Best original song: "Suddenly" from "Les Misérables." Music by CLAUDE-MICHEL SCHONBERG, 67; Lyric by HERBERT KRETZMER, 87, and ALAIN BOUBIL, 72. Schonberg and Boubil are French Jews who wrote the original stage version of "Les Misérables." Kretzmer, an English Jew, wrote the lyrics for the English-language version of the stage show. All three wrote a new (now-nominated) song for the film version;
Best adapted screenplay: Zeitlin ("Beasts.."); TONY KUSHNER, 56, "Lincoln"; Russell, "Silver Linings Playbook".
Best original screenplay: MARK BOAL, 39, "Zero Dark Thirty."
Documentary (feature length): "Five Broken Cameras," about the Israeli-Palestinian conflict, co-directed by Israeli GUY DAVID, 34; "The Gatekeepers": interviews with six former heads of Mossad; directed by Israeli DROR MOREH, 52; and "The Invisible War," about sexual assault in the American military; produced by AMY ZIERING, 50.
Documentary (short length): "Kings Point," about (mostly) Jewish seniors in Florida; directed by SARI GILMAN, 47.
Best animated short film: "The Longest Daycare," DAVID SILVERMAN, 55. Silverman has been the top animator for "The Simpsons" TV show since it began. He also directed "The Simpsons Movie" and co-directed "Monsters, Inc." "Daycare" features child character Maggie Simpson. It shows how she ultimately overcomes bullying. There is no dialogue in this four-minute film, which was universally praised by critics as harkening back to the tender human emotions found in the early seasons of "The Simpsons."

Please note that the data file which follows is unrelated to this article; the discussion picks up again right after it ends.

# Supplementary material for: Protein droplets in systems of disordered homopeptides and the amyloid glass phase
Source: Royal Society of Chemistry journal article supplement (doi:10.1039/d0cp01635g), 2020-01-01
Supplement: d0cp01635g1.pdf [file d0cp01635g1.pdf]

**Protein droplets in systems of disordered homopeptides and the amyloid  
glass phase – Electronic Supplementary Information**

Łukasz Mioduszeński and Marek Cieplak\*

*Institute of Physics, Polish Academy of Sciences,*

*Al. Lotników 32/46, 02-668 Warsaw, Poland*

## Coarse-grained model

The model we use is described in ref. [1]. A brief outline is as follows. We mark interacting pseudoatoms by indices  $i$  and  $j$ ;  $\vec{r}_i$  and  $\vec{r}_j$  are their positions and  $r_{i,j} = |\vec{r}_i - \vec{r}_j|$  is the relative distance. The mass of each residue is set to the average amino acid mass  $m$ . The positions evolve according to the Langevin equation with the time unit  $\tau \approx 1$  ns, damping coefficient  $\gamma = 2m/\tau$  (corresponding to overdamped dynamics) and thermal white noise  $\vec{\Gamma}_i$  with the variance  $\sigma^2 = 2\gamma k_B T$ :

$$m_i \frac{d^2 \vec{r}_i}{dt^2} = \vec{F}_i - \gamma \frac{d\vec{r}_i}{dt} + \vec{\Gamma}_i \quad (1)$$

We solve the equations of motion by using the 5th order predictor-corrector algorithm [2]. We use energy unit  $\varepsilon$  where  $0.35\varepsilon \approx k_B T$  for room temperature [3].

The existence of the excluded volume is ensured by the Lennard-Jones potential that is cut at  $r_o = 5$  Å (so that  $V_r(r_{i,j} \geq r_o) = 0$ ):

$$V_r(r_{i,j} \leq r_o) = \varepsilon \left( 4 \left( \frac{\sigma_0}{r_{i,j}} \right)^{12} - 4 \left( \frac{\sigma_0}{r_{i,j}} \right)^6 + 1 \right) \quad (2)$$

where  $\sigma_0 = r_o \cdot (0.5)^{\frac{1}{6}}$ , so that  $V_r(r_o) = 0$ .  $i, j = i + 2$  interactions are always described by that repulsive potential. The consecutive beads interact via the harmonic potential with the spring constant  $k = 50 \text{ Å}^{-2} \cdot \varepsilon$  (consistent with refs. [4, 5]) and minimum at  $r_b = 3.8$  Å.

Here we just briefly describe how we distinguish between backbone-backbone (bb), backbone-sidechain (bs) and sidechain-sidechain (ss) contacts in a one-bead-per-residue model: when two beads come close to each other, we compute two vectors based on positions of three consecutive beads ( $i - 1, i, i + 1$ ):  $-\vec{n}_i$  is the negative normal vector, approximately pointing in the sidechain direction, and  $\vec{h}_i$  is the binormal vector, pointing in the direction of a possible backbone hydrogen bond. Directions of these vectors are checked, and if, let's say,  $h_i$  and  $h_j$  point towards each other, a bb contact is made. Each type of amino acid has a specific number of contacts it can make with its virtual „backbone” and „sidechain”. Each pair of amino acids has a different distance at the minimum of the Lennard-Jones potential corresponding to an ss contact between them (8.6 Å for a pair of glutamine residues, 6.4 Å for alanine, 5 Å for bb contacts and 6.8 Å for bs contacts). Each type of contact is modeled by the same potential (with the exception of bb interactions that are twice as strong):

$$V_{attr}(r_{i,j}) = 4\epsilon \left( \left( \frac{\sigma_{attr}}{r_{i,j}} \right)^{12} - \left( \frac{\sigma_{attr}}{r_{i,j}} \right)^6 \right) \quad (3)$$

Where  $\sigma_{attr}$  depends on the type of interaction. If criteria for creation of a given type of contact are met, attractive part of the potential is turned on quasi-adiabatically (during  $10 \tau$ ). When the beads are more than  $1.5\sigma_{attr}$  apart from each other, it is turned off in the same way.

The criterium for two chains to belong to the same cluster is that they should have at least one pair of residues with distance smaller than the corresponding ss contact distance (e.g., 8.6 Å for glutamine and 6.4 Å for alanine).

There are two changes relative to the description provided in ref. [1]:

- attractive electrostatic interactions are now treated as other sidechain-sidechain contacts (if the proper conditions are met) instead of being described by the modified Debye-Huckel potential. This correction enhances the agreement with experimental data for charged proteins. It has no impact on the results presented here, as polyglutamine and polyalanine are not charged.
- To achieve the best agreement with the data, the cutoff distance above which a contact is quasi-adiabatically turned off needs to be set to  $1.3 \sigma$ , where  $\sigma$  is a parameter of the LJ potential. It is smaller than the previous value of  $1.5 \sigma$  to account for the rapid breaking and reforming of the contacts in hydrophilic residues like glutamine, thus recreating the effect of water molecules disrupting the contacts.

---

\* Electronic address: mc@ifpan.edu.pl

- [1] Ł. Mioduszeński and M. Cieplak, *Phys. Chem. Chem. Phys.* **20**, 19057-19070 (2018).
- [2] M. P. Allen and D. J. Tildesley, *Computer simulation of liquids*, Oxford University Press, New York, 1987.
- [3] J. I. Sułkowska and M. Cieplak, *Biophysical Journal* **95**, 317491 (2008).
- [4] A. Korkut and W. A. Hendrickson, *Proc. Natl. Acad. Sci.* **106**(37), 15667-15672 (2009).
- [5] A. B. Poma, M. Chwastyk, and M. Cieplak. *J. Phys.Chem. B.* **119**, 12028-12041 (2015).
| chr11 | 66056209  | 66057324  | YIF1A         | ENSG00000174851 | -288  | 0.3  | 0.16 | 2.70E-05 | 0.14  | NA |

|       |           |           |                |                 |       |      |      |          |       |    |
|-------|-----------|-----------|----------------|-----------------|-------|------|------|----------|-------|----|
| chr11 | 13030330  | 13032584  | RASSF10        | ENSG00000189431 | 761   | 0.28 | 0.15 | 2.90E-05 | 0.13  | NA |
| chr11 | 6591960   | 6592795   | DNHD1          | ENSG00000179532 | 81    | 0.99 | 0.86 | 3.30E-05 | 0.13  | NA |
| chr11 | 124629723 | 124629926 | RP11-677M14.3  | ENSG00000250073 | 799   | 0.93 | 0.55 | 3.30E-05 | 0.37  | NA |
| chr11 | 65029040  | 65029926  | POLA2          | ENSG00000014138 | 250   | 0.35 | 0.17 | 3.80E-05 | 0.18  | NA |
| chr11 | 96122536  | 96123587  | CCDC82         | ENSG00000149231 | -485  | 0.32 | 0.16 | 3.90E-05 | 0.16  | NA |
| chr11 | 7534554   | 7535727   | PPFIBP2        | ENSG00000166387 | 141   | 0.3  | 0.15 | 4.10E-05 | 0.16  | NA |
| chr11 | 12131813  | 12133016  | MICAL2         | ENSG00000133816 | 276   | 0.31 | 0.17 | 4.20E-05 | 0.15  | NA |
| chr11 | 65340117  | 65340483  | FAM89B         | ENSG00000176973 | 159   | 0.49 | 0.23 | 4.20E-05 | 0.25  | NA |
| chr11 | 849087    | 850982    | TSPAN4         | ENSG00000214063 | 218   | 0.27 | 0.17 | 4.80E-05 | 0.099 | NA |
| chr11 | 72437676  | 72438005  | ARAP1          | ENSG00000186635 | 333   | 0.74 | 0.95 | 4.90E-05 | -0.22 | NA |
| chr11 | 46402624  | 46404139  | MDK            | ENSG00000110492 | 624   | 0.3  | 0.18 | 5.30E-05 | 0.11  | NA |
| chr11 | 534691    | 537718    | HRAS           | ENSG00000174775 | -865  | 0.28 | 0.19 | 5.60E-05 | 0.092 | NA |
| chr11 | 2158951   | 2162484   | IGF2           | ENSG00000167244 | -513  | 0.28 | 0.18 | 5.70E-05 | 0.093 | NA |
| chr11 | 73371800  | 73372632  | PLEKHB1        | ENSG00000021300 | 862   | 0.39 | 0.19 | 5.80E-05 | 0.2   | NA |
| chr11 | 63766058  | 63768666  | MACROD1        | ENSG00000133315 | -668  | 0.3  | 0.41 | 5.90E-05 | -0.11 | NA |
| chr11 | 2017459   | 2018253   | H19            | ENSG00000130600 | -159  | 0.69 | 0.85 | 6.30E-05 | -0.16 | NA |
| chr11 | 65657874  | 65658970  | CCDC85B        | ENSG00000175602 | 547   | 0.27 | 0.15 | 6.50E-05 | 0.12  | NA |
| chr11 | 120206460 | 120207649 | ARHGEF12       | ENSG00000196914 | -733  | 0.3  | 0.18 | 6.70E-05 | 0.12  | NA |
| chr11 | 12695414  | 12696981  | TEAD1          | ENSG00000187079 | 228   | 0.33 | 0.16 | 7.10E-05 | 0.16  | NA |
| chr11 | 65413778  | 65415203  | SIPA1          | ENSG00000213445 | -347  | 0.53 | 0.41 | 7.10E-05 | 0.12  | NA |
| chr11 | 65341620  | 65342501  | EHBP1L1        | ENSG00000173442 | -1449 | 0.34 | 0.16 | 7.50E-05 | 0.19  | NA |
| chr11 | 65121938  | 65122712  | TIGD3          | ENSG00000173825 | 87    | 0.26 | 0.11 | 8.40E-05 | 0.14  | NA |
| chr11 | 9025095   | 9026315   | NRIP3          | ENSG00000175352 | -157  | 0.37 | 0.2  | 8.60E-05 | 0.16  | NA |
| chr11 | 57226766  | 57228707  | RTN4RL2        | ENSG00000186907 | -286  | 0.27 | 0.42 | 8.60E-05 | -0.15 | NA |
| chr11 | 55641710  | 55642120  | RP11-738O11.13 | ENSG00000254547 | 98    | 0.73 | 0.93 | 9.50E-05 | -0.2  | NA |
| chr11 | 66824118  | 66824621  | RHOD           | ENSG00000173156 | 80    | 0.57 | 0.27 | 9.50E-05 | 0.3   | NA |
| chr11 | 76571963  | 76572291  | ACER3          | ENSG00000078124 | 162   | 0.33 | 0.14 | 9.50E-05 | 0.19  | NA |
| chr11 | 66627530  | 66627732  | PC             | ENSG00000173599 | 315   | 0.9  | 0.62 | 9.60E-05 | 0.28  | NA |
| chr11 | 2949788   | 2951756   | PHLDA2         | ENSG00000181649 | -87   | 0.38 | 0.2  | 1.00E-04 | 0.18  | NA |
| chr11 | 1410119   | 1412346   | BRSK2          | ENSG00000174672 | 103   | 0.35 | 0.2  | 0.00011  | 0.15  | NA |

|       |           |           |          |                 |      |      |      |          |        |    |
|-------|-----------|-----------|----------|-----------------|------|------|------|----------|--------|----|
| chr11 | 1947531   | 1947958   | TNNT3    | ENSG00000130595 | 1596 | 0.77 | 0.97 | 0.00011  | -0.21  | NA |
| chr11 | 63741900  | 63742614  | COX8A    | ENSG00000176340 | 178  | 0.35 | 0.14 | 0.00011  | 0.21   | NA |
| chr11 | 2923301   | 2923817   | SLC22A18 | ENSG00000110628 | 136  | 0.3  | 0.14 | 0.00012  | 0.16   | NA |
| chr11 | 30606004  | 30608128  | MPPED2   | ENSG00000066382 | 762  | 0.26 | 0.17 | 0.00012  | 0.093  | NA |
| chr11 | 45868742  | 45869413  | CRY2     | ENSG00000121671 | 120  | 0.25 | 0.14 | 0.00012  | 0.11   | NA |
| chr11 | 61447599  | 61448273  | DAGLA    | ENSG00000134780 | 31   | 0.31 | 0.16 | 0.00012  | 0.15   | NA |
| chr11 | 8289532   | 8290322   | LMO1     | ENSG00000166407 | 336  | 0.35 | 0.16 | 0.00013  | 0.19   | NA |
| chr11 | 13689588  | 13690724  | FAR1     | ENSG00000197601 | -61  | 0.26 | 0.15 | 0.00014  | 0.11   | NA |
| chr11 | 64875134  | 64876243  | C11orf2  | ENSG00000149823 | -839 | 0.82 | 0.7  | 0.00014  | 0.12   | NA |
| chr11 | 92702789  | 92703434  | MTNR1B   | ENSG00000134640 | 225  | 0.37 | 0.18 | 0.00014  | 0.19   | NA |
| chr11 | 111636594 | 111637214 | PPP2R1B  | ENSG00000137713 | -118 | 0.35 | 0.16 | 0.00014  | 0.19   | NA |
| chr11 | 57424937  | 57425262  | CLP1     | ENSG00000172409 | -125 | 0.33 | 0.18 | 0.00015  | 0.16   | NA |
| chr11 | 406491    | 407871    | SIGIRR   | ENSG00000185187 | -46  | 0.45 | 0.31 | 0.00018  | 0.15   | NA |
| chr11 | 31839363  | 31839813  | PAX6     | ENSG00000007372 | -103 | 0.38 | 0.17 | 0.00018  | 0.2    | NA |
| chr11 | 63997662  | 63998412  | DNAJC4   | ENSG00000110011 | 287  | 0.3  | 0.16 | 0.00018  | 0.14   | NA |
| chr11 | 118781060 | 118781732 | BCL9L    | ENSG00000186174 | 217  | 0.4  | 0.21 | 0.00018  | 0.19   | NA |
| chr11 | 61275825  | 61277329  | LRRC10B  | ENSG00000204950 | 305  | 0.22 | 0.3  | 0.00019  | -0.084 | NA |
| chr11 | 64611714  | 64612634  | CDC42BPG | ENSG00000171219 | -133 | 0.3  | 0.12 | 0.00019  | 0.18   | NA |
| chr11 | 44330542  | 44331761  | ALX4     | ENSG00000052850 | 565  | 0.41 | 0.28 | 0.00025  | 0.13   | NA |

The best picture Oscar goes to a film's principal producers. Here are the best pic nominees with a "confirmed" Jewish producer: GRANT HESLOV, 47, "Argo"; ERIC FELLNER, 53, Les Misérables"; Spielberg, "Lincoln"; Boal, "Zero Dark Thirty"; and STACEY SHER, 50,"Django Unchained."
Honorable mention: Best supporting actor nominee Christoph Walz, 56, ("Django Unchained"), an Austrian, was previously married to an American Jewish woman and, at last report, their son was studying to be a rabbi in Israel. Walz's grandfather, a prominent non-Jewish Austrian psychiatrist, came to the States in 1935. He left behind two ex-wives in Austria. One was not Jewish (Walz's grandmother) and one was Jewish. The Jewish ex-wife was hidden in a cellar by her daughter, Walz's "half-aunt," for four years during the Holocaust and she survived the Nazis.
Nate Bloom writes a weekly column on Jewish celebrities, broadly defined, that appears in the Atlanta Jewish Times, the Cleveland Jewish News, the American Israelite of Cincinnati, the Detroit Jewish News, and the New Jersey Jewish Standard. It also appears bi-weekly in j., the Jewish news weekly of northern California. Most of the items in Bloom’s weekly newspaper column differ from the items in his bi-weekly column on interfaith celebrities for InterfaithFamily.com. If you wish to contact Nate Bloom, e-mail him at [email protected] . The author welcomes questions and celebrity “tips,” especially about people you personally know.